Tag Archives: Modern Art

The Alchemic Nature of Painting

The Park West Gallery collection features unique paintings and limited-edition artwork by artist Peter Nixon. With artwork ranging from figurative to still life, combining both representational and abstract elements, the artist is extremely well received by collectors the world over.

AN ESSAY BY PETER NIXON • Written exclusively for Park West Gallery

I OCCASIONALLY WONDER whether I am in danger of becoming an artistic relic.

In these post modern times, when all of art history is available to artists as an influence and inspiration, my inclination is to look backwards to the Old Masters for insight. Not that I have any desire to imitate the Old Masters, I am a creature of the 21st Century and the themes in my work reflect that, but I am drawn to them in the same way I am drawn to good food and wine. My senses strike a chord with something in their work that my appetite craves. To stretch the food analogy further I am compelled to add these spicy elements to the mental soup in my head ready to be stirred and ladled onto a fresh canvas.

Eugène Delacroix, the 17th century French artist said, “what inspires artists’ work is not new ideas but their obsession with the idea that what has already been said is not enough!” So when I look at an Old Master painting it may suggest an avenue to pursue that is at a tangent to its subject.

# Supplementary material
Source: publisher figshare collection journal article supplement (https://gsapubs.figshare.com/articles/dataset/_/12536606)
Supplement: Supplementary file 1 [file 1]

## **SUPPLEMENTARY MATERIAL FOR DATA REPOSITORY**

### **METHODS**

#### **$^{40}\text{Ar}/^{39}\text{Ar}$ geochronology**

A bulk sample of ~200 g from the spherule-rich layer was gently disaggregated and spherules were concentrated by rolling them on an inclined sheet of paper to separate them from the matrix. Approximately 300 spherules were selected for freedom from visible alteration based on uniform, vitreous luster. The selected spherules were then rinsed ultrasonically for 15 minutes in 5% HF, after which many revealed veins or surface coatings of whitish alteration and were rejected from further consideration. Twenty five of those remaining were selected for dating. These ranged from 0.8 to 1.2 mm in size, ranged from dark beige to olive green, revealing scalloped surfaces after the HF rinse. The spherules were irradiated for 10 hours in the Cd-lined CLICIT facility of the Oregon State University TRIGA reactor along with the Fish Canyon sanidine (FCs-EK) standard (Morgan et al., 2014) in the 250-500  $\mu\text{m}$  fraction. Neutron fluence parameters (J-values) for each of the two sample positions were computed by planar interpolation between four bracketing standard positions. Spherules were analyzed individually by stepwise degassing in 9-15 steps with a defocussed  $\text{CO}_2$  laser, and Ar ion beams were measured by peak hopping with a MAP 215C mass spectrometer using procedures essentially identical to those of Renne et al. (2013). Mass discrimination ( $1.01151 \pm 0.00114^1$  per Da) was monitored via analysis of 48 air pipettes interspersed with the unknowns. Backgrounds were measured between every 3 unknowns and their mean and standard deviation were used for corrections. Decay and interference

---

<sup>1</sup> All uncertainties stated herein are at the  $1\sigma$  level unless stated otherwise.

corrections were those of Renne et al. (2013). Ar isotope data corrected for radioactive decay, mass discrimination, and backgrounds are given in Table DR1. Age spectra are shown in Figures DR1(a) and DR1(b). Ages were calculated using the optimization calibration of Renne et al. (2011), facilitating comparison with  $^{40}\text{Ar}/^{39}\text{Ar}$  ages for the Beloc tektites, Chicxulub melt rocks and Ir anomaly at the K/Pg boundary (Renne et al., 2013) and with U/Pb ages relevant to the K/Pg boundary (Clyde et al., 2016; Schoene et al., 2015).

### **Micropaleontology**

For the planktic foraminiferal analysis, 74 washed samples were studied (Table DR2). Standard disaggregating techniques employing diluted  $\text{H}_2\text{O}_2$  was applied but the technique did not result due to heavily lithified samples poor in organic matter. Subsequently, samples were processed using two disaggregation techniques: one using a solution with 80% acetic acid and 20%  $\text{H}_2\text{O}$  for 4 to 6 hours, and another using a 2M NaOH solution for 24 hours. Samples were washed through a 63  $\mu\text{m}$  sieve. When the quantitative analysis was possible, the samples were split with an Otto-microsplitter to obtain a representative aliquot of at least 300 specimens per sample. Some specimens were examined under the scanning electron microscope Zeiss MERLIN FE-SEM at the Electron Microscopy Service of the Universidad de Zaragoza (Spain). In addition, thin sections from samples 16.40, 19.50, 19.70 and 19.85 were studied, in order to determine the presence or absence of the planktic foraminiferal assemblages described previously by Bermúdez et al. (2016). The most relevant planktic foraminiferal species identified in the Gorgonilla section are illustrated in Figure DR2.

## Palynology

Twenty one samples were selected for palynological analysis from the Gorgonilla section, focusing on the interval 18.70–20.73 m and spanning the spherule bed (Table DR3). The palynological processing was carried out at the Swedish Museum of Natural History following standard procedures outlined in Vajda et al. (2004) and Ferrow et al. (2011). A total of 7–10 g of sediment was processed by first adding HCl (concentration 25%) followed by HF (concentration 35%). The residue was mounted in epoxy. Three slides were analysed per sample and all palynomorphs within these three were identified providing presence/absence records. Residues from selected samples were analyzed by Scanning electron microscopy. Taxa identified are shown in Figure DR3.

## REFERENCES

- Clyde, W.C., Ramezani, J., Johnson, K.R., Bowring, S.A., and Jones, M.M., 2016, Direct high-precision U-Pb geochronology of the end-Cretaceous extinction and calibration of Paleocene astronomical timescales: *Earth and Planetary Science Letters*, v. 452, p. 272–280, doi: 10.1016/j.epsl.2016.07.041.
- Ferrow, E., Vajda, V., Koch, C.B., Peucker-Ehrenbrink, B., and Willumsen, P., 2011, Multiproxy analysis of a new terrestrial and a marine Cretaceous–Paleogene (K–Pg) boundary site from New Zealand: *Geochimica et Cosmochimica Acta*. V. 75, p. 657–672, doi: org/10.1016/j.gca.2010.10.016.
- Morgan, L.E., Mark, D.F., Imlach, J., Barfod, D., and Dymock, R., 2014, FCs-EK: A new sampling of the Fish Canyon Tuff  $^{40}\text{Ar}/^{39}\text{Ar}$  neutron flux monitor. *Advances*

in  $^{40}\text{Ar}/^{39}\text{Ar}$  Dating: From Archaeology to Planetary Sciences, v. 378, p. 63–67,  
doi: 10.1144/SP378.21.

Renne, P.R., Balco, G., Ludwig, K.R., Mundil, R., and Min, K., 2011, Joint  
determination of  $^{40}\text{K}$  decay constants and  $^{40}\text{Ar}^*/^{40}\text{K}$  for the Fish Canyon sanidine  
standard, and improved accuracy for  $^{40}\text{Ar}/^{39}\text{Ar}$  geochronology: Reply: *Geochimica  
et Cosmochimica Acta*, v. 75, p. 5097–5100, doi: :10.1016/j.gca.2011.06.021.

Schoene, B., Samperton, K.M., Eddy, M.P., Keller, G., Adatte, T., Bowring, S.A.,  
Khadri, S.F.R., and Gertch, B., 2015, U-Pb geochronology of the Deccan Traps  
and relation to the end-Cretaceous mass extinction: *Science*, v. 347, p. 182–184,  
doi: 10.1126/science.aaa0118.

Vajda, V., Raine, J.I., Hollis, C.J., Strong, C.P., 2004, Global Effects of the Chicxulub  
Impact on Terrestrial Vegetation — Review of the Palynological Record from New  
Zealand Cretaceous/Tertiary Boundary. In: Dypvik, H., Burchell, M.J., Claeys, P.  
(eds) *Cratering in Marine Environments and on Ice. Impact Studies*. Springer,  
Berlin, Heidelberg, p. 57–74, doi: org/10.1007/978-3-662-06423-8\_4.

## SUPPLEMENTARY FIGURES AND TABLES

The composer Arnold Schoenberg said that an artist should not cut himself from the art of the past but should take it and assimilate it with his own work. I believe it is important for an artist to continue the timeline stretching from the past and maintain and develop the traditional skills of drawing and painting as there is still much in them to explore.

What I love about the Old Masters and what makes me continue to make reference to them in my work is primarily their richness of colour, chiaroscuro and particularly their theatricality – paintings such as Rembrandts and Titians which make my heart soar when I see them in the National Gallery in London.

Paintings should be an event – something visually splendid whose colour ranges from the brightest whites through sumptuous tones to the darkest black. The world presented as vividly as the imagination can conjure.

Modern art can seem cold and forbidding and too concerned with psychological introspection and answering its own rhetorical questions. The beauty of Classical art is that it celebrates the human condition and touches us at a level we can easily recognize. It is as equally well thought out as modern art, some would say more so, but presents beauty as mysterious without being obscure.

Art makes great demands on its devotees. It is extraordinary to think of the amount of human effort that has been put to the service of art just over the last 800 years; surprising for a practice that Oscar Wilde said was entirely useless. An amazing record of toil and tears, divine madness, aspiration and disappointment, but even so, something compelled all those artists to return again and again to their canvases.